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I wanted to collect some of the info on NCGI in one place so that visitors who test negative but may still have an issue with gluten can be directed there. I'll add to this post as I find new links, but feel free to add or contribute anything you think may be of use! Matt --- Useful links: An overview from Alessio Fasano, one of the world's leading researchers on celiac and gluten sensitivity: https://www.youtube.com/watch?v=VvfTV57iPUY A scholarly overview from celiac disease magazine: https://www.researchgate.net/profile/Knut_Lundin/publication/232528784_Non-celiac_Gluten_Sensitivity/links/09e415098bbe37c05b000000.pdf A good overview from a sceptical but fair perspective: https://sciencebasedmedicine.org/a-balanced-look-at-gluten-sensitivity/ Another overview: https://celiac.org/celiac-disease/understanding-celiac-disease-2/non-celiac-gluten-sensitivity-2/ University of Chicago's excellent celiac site's take: http://www.cureceliacdisease.org/category/faq-non-celiac-gluten-sensitivity/ A compelling account in the British Medical Journal from an NCGI patient: http://www.bmj.com/content/345/bmj.e7982 Here's some positive news about a potential new test: http://www.medicaldaily.com/non-celiac-gluten-insensitivity-blood-test-392850 NCGI in children: NCGI and auto immune study: https://www.ncbi.nlm.nih.gov/pubmed/26026392 Also consider: Fodmaps: http://www.kcl.ac.uk/lsm/research/divisions/dns/projects/fodmaps/faq.aspx This Monash study: http://fodmapmonash.blogspot.co.uk/2015/03/the-truth-behind-non-celiac-gluten.html suggested some who think they're reacting to gluten should actually be reducing fodmaps Sibo: http://www.webmd.boots.com/digestive-disorders/small-intestinal-bacteria-sibo

I was just diagnosed in March and I totally feel you. I'm having a hard enough time with determining which lip glosses are safe, let alone all my face products etc. I feel like this 'grey area' is the biggest annoyance with Celiac. So many foods/cosmetics I thought were safe after reading the ingredient list are actually not safe at all! One website says it's safe, one says its not. All these unfamiliar ingredients and even after googling term after term still so many grey areas!! I'm sure in time it gets easier and second nature and you learn by trial and error but holy this constant uncertainty is super annoying haha.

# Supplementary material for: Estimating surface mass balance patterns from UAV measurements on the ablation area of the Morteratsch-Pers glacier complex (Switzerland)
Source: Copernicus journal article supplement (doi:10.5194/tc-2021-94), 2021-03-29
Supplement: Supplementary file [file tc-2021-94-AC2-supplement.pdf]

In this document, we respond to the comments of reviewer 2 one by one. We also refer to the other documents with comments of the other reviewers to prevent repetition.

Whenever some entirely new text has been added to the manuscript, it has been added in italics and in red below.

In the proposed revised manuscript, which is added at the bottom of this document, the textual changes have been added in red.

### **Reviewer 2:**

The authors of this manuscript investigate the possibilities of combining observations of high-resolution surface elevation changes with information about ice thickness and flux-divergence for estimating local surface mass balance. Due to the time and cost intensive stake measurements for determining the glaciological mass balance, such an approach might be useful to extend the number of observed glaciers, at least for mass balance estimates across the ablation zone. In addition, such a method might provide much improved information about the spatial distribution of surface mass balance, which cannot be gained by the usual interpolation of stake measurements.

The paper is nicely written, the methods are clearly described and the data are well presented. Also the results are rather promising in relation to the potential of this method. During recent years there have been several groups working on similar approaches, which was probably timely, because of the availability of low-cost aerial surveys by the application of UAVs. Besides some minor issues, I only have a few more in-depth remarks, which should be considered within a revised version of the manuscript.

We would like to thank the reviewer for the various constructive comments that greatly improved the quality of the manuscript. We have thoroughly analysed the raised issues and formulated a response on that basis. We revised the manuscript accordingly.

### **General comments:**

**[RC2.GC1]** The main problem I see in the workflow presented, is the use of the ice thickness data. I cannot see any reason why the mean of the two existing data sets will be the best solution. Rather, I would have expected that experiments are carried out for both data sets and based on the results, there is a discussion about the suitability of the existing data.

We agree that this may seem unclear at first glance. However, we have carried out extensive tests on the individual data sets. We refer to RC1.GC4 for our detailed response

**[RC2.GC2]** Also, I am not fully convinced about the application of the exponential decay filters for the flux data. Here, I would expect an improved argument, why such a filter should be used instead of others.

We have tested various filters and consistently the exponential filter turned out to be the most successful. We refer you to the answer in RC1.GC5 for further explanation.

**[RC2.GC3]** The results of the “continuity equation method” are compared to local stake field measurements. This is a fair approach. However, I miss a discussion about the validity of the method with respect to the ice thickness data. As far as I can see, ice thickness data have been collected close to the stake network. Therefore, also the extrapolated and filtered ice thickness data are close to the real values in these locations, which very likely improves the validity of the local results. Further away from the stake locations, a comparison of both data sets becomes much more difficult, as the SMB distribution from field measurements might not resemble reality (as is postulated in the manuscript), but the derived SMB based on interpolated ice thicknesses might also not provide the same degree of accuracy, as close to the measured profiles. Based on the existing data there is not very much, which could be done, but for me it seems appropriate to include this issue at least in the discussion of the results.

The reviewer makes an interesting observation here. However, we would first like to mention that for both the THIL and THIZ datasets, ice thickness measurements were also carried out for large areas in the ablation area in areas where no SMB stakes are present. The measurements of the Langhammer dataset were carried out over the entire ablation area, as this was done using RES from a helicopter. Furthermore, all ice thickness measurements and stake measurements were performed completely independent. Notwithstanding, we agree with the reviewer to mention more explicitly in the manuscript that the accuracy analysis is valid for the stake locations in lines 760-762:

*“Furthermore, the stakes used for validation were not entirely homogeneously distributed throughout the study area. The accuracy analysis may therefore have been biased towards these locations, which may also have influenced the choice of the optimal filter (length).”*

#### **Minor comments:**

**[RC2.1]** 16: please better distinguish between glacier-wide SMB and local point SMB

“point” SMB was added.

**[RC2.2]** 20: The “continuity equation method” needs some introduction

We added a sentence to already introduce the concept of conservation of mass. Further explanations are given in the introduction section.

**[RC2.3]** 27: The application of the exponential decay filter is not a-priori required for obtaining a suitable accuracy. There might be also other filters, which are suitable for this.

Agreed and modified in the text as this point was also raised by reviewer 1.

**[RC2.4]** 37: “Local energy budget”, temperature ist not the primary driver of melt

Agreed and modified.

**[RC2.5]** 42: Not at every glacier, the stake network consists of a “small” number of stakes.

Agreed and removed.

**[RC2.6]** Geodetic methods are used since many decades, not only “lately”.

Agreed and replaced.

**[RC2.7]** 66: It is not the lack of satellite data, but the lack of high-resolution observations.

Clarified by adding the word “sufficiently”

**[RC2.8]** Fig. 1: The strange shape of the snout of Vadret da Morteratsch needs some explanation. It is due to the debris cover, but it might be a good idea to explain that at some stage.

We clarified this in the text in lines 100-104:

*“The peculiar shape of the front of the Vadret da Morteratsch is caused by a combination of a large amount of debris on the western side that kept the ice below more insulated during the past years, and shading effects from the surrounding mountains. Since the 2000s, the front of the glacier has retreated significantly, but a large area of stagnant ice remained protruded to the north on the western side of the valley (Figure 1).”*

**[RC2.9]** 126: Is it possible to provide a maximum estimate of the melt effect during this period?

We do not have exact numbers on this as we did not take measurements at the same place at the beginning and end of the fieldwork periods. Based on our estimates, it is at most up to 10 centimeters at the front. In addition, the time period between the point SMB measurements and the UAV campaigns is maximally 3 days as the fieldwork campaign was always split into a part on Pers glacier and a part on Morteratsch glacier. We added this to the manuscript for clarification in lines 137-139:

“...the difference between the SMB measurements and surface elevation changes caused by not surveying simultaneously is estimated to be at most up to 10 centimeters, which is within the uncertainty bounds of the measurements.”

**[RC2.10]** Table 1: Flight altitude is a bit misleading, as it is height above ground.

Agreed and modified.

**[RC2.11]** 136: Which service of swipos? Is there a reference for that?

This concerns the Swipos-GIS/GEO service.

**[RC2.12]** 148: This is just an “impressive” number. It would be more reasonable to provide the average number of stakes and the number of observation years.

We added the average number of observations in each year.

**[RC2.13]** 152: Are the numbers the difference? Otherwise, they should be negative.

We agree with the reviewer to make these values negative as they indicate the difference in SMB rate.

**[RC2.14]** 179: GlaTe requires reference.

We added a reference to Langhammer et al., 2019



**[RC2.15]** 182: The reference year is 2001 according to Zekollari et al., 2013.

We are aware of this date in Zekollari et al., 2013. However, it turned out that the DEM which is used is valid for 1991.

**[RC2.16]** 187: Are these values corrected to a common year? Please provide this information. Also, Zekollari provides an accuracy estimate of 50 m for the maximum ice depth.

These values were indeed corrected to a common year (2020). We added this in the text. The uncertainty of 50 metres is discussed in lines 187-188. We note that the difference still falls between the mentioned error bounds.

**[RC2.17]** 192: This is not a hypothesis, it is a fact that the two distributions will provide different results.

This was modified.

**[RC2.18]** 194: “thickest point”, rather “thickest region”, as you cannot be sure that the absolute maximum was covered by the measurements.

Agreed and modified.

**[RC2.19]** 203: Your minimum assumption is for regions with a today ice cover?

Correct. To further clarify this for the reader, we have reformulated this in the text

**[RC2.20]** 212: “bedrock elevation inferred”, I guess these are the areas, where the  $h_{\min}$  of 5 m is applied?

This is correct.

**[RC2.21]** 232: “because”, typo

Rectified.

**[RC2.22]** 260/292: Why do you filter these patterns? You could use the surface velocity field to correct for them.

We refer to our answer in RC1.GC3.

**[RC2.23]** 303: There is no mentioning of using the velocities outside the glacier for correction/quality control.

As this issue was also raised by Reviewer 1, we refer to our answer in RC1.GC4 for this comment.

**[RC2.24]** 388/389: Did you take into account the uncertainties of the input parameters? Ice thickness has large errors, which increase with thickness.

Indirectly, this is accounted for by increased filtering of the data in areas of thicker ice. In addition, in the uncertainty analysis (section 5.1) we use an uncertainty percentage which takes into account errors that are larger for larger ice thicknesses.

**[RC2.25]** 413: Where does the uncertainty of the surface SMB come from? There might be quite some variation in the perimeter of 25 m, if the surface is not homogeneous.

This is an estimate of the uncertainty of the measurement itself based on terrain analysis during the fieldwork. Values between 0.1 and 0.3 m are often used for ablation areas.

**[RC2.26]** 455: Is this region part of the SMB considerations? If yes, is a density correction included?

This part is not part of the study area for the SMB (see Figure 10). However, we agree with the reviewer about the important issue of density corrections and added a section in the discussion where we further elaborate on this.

This place is great. Learning a lot. Honestly, I've known people with celiacs in the past, but it never occurred to me that that's what could be wrong with me. But the more I learn, the more it fits. One more thought, the articles I'm reading seem to say that we need to avoid gluten meticulously. I'm certain that I didn't accidentally eat gluten, because I've basically only eaten meat and veggies. But, my family has continued eating as normal. My kids making pancakes and it getting in the air, toast with all the crumbs everywhere, etc. Could that exposure be enough to keep my blood antibodies high? Or does it need to be ingested?

Hey, I had Hashi's some 15 years prior to my celiac disease diagnosis. My doc put me on a very lose dose of Armour. It did bring down my antibodies (by half), but they were extremely high to begin with (anything over 30 was positive and mine initially were close to 4,000). My nodules and enlargement stayed constant. Both actually went away since I have been gluten free! Like Gemini, I am on Armour for life! But that's okay. Just had my TPO checked yesterday, in fact, and now the number is 360. So, better, but that lab range is anything over 15 is positive. No reappearance of the nodules or enlargement. I am also on a low carb high fat diet to treat my diabetes too.

Yes! Call University of Chicago! Switching you from one medication that's not working to another and back again isn't helping you. It's definitely time to look at something else. I'm so sorry that you're not feeling better.